Please try to make it to the Chris Bathgate House Show next week if you’re in the Phoenix area:
“Brave” – Your thoughts?
I had the privilege this morning of attending a breakfast sponsored by No Child Waiting and Focus on the Family to help promote an upcoming one-day event to help place children from the foster system into Christian families. The event will be Saturday, February 11 at Scottsdale Bible Church from 1:00pm-5::00pm. Please consider being there and helping spread the word:
Aaron Spiro: House Show: Hold On.
I have gotten outside the normal rhythm of life lately and I haven’t had much time to consistently read. However, I have been able to start Jared Wilson’s book Gospel Wakefulness.Right near the beginning of the book, Wilson touches on a topic I’ve been thinking a lot about over the past few years as a church planter (how long is Church of the Cross considered a “plant”?) and as a pastor.
In the early days of church planting, lots of people recommended lots of different books. Two books I’ve thought a lot about over the years since then are Nelson Searcy’s Fusion: Turning First-Time Guests Into Fully-Engaged Members of Your Church and First Impressions: Creating Wow Experiences In Your Church by Mark Watlz. If you know me or our church family, you have probably guessed that I don’t keep thinking about these books because I necessarily agree with them. In fact, I don’t.
Perhaps I need to clarify, because when people hear that I don’t agree with books like these, they often jump to the conclusion that I (we) don’t take Gathered Worship seriously. Nothing could be further from the truth. We strive for excellence in everything we do but we also intentionally leave room for mistakes and freedom. After all, as we continually remind our people, our Gathered Worship is not a performance. We are not there to entertain people and we are certainly not there to “wow” them with anything other than Jesus. But I’m getting ahead of myself.
Both Searcy and Waltz, while perhaps not intentionally, each perpetuate the unwanted, unwarranted notion of “Consumer Christianity.” Each assumes that if we simply do things well enough, smoothly enough and with enough flash, then people will move from “attending” a Sunday event to meaningful membership. Also embedded in this approach is the notion that the worship gathering is the driving force of the rest of a local church’s life together.
The result of this mindset often plays itself out in churches continually trying to “out-wow” each other, with sets, props, lighting, fog machines, “rockin’ music” and on and on. It’s not an exaggeration to say that in many churches, hundreds of hours a week go into making sure Sunday morning “goes off well.” And yet, with all this excitement, why does it seem that so few Christians in America seem truly excited by the Gospel?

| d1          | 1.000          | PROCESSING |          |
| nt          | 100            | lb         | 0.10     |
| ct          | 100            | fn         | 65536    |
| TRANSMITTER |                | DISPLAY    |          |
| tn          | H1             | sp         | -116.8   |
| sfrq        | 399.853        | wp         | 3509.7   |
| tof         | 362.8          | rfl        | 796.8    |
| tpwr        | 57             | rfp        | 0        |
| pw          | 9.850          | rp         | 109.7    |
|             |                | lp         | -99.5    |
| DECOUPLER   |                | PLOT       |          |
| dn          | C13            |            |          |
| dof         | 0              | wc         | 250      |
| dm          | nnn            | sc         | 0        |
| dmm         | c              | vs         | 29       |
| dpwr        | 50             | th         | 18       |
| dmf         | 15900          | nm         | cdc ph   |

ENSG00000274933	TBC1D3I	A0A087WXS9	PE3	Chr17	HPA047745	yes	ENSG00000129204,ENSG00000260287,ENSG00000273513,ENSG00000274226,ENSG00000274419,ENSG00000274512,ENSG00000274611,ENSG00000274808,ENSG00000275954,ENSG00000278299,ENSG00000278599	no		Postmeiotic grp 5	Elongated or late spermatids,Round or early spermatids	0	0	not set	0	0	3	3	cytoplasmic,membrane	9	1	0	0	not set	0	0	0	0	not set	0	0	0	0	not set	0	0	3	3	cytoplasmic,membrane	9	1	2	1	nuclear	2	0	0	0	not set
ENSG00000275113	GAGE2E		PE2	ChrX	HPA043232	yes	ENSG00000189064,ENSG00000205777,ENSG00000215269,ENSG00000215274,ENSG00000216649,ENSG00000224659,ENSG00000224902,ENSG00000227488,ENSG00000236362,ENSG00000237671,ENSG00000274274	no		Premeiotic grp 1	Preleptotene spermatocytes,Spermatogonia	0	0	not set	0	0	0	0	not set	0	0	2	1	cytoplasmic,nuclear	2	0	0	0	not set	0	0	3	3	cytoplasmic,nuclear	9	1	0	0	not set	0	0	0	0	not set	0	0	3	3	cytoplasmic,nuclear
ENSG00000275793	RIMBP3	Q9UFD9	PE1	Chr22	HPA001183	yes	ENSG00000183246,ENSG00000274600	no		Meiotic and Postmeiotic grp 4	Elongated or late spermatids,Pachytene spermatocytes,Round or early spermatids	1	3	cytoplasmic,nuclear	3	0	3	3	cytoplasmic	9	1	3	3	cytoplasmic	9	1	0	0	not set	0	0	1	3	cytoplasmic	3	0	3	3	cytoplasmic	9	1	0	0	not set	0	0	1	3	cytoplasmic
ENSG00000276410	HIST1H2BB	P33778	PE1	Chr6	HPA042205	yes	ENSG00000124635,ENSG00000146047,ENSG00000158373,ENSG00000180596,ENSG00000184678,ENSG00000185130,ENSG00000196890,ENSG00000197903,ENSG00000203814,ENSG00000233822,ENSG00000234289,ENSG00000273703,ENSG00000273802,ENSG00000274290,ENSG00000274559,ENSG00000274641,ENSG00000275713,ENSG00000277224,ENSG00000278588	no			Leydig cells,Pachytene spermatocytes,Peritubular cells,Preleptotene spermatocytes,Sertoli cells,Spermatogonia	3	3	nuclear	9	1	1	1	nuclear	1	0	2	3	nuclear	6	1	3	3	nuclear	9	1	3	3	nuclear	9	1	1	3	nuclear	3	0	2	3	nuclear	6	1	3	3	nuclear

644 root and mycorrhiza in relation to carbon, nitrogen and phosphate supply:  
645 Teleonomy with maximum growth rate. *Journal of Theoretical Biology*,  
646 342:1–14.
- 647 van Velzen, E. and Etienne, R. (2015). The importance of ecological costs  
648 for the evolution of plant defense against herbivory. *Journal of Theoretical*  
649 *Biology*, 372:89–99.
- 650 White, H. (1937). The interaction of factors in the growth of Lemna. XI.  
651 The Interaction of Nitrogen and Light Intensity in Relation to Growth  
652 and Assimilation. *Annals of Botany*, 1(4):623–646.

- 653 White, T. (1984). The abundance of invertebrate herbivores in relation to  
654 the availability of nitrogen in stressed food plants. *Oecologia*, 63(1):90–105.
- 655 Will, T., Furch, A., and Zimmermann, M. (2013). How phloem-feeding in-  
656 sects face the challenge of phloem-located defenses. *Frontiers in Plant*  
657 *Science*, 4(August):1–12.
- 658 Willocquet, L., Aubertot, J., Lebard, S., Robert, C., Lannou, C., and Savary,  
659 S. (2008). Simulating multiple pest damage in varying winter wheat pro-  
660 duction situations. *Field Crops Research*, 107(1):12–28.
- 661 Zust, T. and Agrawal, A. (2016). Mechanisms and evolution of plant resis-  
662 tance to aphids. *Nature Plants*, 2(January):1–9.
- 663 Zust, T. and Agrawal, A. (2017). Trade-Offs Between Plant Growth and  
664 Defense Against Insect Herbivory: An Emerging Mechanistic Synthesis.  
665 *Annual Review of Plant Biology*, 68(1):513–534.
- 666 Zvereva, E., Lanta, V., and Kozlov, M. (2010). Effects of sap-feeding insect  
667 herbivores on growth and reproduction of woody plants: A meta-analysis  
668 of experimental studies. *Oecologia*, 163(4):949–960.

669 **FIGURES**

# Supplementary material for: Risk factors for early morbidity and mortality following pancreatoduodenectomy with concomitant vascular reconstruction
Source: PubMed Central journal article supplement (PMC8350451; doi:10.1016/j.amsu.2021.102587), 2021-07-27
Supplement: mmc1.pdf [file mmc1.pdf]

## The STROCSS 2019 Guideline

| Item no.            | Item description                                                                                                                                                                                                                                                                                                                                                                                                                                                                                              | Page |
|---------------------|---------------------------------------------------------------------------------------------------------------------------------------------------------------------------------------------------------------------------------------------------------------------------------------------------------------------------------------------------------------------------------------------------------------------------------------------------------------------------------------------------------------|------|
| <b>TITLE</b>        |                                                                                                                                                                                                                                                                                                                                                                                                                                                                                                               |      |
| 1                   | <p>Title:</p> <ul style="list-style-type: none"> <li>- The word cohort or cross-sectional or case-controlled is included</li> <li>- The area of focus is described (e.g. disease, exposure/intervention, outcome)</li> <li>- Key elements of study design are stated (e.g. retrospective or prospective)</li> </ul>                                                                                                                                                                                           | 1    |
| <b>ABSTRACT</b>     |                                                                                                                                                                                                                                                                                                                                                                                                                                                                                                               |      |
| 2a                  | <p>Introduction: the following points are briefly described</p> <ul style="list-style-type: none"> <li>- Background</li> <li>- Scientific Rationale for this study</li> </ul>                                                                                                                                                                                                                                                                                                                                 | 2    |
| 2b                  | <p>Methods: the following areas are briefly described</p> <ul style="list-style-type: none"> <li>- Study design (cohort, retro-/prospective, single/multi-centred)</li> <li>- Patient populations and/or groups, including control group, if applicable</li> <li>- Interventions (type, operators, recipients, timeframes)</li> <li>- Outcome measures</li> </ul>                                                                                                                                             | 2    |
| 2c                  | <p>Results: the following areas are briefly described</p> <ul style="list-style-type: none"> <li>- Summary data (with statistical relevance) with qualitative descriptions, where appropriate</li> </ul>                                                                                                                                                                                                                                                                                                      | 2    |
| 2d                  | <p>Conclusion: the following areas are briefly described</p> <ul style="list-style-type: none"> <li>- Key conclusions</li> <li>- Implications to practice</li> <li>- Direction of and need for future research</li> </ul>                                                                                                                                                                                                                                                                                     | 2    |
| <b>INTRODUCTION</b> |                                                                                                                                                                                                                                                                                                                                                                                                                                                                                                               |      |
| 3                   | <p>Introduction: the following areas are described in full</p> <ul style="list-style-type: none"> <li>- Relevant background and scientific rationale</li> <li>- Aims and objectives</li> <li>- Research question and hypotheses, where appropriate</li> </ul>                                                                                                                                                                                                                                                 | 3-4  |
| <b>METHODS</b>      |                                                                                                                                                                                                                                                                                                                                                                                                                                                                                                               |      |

Wilson reminds us of the adage: What you win people with, you win them to. Wilson explains:
I am not against the use of creative arts in church-far from it. The church must employ its artists in service to God’s mission or we are aiding and abetting the wasting of their gifts. But there is something fundamentally amiss in the philosophy that posits the church’s worship service as in competition with Disney World or Hollywood movies or, in some cases, the circus.
And yet, for all of the “excitement” in many of our churches, people don’t seem to be excited about the Gospel. Wilson suggests that what’s often mission is “routinely presenting the unchanging gospel in a way that does justice to its earth-shaking announcement.” But, some might argue, doesn’t repetition numb us to the message? Wilson clarifies:
I believe ever-increasing showmanship is what actually numbs people. The weekly efforts of many churches to top themselves in razzle-dazzle for the cause of Christ is what numbs.
I think Wilson has made an extremely important point. Our country is seeing the dramatic growth of so-called “mega-churches,” consisting of thousands of people and often driven by high production values. And yet, the American church does not seem all that adept at actually making and reproducing disciples of Jesus. Instead, we seem to have excelled in reinforcing people’s identity as consumer and the church as “entertainer” and purveyor of spiritual goods in the marketplace of life.
What might happen if we dialed back the “production values” of our worship gatherings and upped the ante on clear, precise, powerful proclamation of the Gospel, including its drastic call on our lives? What if, instead of seeking to “create wow experiences” we “wowed” people with Jesus? What if we regained the vision that Sunday morning is not our focus but discipleship? What if our gatherings felt more like family reunions than productions? What if we stopped feeding people’s consumerism and asked them to count the cost of following Jesus (Luke 14:28, etc.)